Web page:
Grounding Techniques Proven To Dissolve Anxiety
Whether it’s the unexpected death of a family member, a relationship ending without warning, or apparent job security up and vanishing, any sudden change is sure to leave a few scars.
Here are four embodied practices to help you handle change better:
- Practice physical awareness. When change strikes, it’s easy to let your mind spin out, worrying about what the uncertain future will bring. But these what-if fears are like paying interest on a debt you don’t owe. Mindfulness meditation, a practice of "presence focused awareness", has been shown to diminish anxiety. Rather than trying to corral worrisome thoughts directly, you can work with sensations in your body to calm your nervous system.
- Get physically grounded. Stress can cause you to sense that a situation is just too much to handle. Grounding is another term for centering - rooting yourself in the here and now. Many practices teach a grounding visualization of growing tree roots into the earth, but connecting to sensory information from your feet (rich in nerve endings, like your fingertips) adds an additional layer of physical stability.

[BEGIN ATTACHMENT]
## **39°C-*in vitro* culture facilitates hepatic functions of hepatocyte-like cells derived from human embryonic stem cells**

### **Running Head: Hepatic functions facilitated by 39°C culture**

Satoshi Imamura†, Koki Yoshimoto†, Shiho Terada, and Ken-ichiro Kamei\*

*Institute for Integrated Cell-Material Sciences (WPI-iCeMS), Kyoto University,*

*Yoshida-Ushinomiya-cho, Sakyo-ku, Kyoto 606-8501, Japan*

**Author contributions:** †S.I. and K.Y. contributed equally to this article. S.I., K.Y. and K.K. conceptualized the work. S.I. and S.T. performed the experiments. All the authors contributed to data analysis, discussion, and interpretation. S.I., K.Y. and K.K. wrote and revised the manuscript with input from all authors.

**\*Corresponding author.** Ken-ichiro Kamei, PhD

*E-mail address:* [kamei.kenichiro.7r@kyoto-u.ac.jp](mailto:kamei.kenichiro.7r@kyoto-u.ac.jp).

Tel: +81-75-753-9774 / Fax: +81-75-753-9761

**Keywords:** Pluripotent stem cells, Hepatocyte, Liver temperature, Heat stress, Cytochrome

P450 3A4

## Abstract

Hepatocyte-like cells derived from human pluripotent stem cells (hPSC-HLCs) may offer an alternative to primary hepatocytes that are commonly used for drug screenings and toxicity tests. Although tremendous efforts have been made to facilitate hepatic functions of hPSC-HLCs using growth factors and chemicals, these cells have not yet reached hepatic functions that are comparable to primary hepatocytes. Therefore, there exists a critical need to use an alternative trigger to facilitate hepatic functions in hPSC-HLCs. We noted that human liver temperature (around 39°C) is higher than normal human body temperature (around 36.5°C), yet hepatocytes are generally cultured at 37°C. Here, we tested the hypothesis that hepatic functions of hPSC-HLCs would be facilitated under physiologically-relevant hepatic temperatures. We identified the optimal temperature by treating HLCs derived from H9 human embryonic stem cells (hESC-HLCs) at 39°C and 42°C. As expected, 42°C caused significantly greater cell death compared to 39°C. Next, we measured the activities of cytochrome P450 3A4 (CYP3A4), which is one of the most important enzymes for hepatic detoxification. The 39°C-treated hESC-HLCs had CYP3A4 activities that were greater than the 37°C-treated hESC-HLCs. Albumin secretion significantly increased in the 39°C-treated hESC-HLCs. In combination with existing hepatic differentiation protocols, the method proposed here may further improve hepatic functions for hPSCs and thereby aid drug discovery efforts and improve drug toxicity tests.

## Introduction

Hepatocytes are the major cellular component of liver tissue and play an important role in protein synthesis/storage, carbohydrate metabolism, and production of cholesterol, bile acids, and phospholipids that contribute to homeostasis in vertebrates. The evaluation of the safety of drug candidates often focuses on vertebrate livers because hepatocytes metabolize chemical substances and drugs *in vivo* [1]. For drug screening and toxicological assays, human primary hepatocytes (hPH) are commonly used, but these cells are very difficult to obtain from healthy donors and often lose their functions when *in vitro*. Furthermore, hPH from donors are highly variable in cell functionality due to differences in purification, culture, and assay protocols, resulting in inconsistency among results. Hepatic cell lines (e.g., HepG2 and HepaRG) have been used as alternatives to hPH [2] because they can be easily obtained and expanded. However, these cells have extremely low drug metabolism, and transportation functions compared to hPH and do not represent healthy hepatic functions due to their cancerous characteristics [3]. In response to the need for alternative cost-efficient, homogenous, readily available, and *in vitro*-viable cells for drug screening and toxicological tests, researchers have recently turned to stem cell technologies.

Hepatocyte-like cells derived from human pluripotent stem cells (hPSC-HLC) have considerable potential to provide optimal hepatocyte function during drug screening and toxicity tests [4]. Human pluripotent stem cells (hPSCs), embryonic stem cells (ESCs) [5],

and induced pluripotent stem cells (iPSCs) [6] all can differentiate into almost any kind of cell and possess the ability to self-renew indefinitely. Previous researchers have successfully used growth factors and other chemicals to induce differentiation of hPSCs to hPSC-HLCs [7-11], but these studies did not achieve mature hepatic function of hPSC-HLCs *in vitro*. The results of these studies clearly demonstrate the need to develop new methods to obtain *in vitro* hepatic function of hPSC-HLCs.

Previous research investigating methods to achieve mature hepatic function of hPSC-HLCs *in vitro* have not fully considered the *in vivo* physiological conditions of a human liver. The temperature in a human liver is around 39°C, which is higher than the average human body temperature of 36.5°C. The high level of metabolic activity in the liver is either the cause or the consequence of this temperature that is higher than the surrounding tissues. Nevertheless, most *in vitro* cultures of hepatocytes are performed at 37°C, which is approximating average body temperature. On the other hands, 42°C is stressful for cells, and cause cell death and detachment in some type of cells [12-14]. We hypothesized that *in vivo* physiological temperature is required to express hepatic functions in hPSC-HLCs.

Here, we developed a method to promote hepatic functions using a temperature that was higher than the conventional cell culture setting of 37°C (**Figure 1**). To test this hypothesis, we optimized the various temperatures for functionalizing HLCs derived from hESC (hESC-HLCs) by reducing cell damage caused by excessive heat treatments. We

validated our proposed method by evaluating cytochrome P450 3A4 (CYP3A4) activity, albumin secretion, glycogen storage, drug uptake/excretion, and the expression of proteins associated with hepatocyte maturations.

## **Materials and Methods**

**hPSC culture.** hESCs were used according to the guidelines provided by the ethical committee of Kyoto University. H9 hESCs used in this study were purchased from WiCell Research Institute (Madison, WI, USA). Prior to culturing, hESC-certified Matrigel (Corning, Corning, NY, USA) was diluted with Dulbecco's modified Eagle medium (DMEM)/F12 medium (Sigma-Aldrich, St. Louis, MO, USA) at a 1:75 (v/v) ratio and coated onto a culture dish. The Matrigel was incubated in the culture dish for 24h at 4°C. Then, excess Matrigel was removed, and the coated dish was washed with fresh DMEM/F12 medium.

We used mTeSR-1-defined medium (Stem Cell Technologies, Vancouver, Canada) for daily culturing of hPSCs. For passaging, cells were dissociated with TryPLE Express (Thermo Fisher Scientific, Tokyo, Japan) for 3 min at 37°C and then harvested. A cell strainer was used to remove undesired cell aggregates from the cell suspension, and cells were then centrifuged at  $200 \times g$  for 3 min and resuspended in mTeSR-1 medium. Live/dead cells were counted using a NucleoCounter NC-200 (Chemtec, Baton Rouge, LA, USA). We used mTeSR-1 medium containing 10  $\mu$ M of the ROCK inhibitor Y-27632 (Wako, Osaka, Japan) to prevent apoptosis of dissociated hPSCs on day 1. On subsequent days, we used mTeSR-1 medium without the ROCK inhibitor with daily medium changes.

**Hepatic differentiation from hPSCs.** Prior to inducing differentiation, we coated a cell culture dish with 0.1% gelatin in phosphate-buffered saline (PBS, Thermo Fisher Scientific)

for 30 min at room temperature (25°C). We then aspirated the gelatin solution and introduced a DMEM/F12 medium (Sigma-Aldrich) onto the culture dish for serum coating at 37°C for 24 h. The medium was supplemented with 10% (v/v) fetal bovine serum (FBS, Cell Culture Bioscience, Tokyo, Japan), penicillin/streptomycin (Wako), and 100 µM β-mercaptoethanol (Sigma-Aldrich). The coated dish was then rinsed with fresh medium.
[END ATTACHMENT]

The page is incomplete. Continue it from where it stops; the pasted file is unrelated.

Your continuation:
- Release unnecessary tension. Stress and tension are inherently linked. Whenever you face a perceived threat—such as impending financial instability, an unexpected change in relationship status, or a major health event—your body prepares to fight the danger. Operating out of fight-or-flight causes you to react first and ask questions later. But settling your nervous system and bringing you out of this reactionary state can be as simple as releasing unnecessary tension - bringing you back to center.
- Cultivate balance. Sometimes language reflects physical reality, as it does when we say that we’ve been "knocked off center." We might mean it metaphorically, but literally centering your body can actually improve your capacity for handling change. Your brain’s muscular coordination center is linked to executive function—a set of mental skills that helps you manage time and get things done. Balance and coordination exercises have been shown to improve working memory because they force you to adapt to changing terrain and environments.